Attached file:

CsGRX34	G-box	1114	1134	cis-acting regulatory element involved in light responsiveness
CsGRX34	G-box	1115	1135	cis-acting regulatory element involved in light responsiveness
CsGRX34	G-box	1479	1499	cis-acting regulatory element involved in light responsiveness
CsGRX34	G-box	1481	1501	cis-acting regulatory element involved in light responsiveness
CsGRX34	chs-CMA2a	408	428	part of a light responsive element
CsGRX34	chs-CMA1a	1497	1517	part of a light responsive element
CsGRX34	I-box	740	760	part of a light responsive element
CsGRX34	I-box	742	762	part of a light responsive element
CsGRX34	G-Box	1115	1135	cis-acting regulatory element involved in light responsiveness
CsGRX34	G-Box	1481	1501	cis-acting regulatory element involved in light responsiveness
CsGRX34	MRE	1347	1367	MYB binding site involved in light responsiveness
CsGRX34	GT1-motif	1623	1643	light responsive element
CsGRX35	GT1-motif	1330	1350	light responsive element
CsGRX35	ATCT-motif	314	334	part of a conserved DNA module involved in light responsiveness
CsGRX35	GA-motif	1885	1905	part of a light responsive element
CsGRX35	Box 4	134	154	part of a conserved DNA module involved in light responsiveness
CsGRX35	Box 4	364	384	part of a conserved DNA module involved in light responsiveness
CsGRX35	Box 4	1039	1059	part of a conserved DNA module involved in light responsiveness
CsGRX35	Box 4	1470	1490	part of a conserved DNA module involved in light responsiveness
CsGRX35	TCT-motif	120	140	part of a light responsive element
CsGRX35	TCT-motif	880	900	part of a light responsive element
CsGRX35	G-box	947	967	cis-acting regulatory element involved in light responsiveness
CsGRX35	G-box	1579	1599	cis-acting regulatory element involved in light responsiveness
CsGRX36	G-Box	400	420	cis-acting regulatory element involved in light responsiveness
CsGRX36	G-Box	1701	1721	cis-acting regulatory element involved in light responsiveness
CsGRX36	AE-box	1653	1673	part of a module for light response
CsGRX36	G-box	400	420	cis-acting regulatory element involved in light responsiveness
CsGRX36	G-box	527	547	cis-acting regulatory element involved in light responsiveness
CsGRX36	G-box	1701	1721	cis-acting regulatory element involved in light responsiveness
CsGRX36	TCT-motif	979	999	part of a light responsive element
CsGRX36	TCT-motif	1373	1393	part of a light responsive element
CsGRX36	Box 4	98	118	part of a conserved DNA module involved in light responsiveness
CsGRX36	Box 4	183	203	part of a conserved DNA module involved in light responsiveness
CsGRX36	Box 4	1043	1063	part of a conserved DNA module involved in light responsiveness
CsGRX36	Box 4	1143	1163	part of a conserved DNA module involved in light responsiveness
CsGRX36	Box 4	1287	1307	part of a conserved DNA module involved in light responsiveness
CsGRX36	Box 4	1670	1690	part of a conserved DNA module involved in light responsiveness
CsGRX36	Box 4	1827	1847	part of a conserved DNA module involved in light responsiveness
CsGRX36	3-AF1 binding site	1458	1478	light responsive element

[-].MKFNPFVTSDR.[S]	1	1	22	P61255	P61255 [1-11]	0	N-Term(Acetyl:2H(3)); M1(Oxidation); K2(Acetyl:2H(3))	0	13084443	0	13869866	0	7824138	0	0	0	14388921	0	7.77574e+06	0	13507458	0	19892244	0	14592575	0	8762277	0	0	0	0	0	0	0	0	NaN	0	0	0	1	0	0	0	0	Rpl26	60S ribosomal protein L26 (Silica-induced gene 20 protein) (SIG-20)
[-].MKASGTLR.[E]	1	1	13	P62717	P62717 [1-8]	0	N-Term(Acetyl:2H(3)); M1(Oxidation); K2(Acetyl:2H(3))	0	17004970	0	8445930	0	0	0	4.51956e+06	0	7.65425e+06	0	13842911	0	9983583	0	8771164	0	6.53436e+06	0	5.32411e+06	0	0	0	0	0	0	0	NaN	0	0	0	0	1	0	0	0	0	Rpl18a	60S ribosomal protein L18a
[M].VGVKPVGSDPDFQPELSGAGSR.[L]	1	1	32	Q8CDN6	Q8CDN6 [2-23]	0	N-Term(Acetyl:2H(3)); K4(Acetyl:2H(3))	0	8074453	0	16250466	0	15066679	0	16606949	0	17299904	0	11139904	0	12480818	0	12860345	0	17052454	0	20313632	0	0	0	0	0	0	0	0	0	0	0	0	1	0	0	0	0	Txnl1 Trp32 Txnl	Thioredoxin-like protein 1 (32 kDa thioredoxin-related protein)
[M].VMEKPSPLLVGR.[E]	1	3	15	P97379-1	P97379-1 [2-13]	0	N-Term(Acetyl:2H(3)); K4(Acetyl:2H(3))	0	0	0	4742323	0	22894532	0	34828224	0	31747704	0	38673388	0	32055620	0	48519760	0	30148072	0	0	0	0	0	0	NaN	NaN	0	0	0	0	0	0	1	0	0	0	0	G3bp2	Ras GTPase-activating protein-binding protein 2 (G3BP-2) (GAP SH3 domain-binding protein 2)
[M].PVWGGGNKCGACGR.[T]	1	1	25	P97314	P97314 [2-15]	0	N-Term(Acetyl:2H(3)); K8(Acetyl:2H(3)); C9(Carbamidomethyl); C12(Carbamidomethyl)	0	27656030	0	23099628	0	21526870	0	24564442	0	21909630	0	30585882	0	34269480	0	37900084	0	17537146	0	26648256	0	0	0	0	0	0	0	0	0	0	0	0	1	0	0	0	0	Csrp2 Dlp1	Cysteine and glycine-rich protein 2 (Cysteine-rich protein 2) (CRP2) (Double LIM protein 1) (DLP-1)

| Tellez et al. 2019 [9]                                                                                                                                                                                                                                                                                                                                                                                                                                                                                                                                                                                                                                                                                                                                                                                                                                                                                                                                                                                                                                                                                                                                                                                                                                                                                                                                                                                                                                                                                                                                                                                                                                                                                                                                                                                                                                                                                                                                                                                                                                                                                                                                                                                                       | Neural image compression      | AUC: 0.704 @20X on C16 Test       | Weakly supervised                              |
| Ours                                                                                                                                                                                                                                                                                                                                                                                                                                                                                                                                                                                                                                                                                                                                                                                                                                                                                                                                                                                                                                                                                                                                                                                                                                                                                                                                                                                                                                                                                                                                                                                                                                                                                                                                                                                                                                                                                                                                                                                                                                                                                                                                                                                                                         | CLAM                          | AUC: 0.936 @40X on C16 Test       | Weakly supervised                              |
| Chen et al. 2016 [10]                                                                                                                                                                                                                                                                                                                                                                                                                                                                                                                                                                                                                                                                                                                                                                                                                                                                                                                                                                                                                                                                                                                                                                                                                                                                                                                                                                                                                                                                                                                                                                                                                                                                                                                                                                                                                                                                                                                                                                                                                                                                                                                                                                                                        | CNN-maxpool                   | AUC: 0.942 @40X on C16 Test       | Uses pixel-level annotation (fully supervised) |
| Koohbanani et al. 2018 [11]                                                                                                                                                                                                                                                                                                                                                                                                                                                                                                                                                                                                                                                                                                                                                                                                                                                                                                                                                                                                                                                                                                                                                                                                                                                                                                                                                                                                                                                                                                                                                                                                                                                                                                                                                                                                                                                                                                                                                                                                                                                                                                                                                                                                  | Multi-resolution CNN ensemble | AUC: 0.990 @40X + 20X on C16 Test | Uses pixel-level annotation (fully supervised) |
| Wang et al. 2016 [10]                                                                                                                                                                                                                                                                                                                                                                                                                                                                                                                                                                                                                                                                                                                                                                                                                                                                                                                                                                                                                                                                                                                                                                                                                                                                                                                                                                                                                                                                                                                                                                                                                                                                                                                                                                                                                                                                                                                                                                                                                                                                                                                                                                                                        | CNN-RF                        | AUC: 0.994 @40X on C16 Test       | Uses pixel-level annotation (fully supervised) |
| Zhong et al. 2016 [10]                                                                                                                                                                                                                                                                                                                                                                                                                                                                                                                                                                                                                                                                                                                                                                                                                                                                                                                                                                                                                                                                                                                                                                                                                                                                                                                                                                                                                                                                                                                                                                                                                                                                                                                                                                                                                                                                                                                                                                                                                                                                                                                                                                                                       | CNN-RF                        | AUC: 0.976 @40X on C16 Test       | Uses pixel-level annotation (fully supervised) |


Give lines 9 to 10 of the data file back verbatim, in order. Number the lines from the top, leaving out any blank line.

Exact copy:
CsGRX34	G-Box	1115	1135	cis-acting regulatory element involved in light responsiveness
CsGRX34	G-Box	1481	1501	cis-acting regulatory element involved in light responsiveness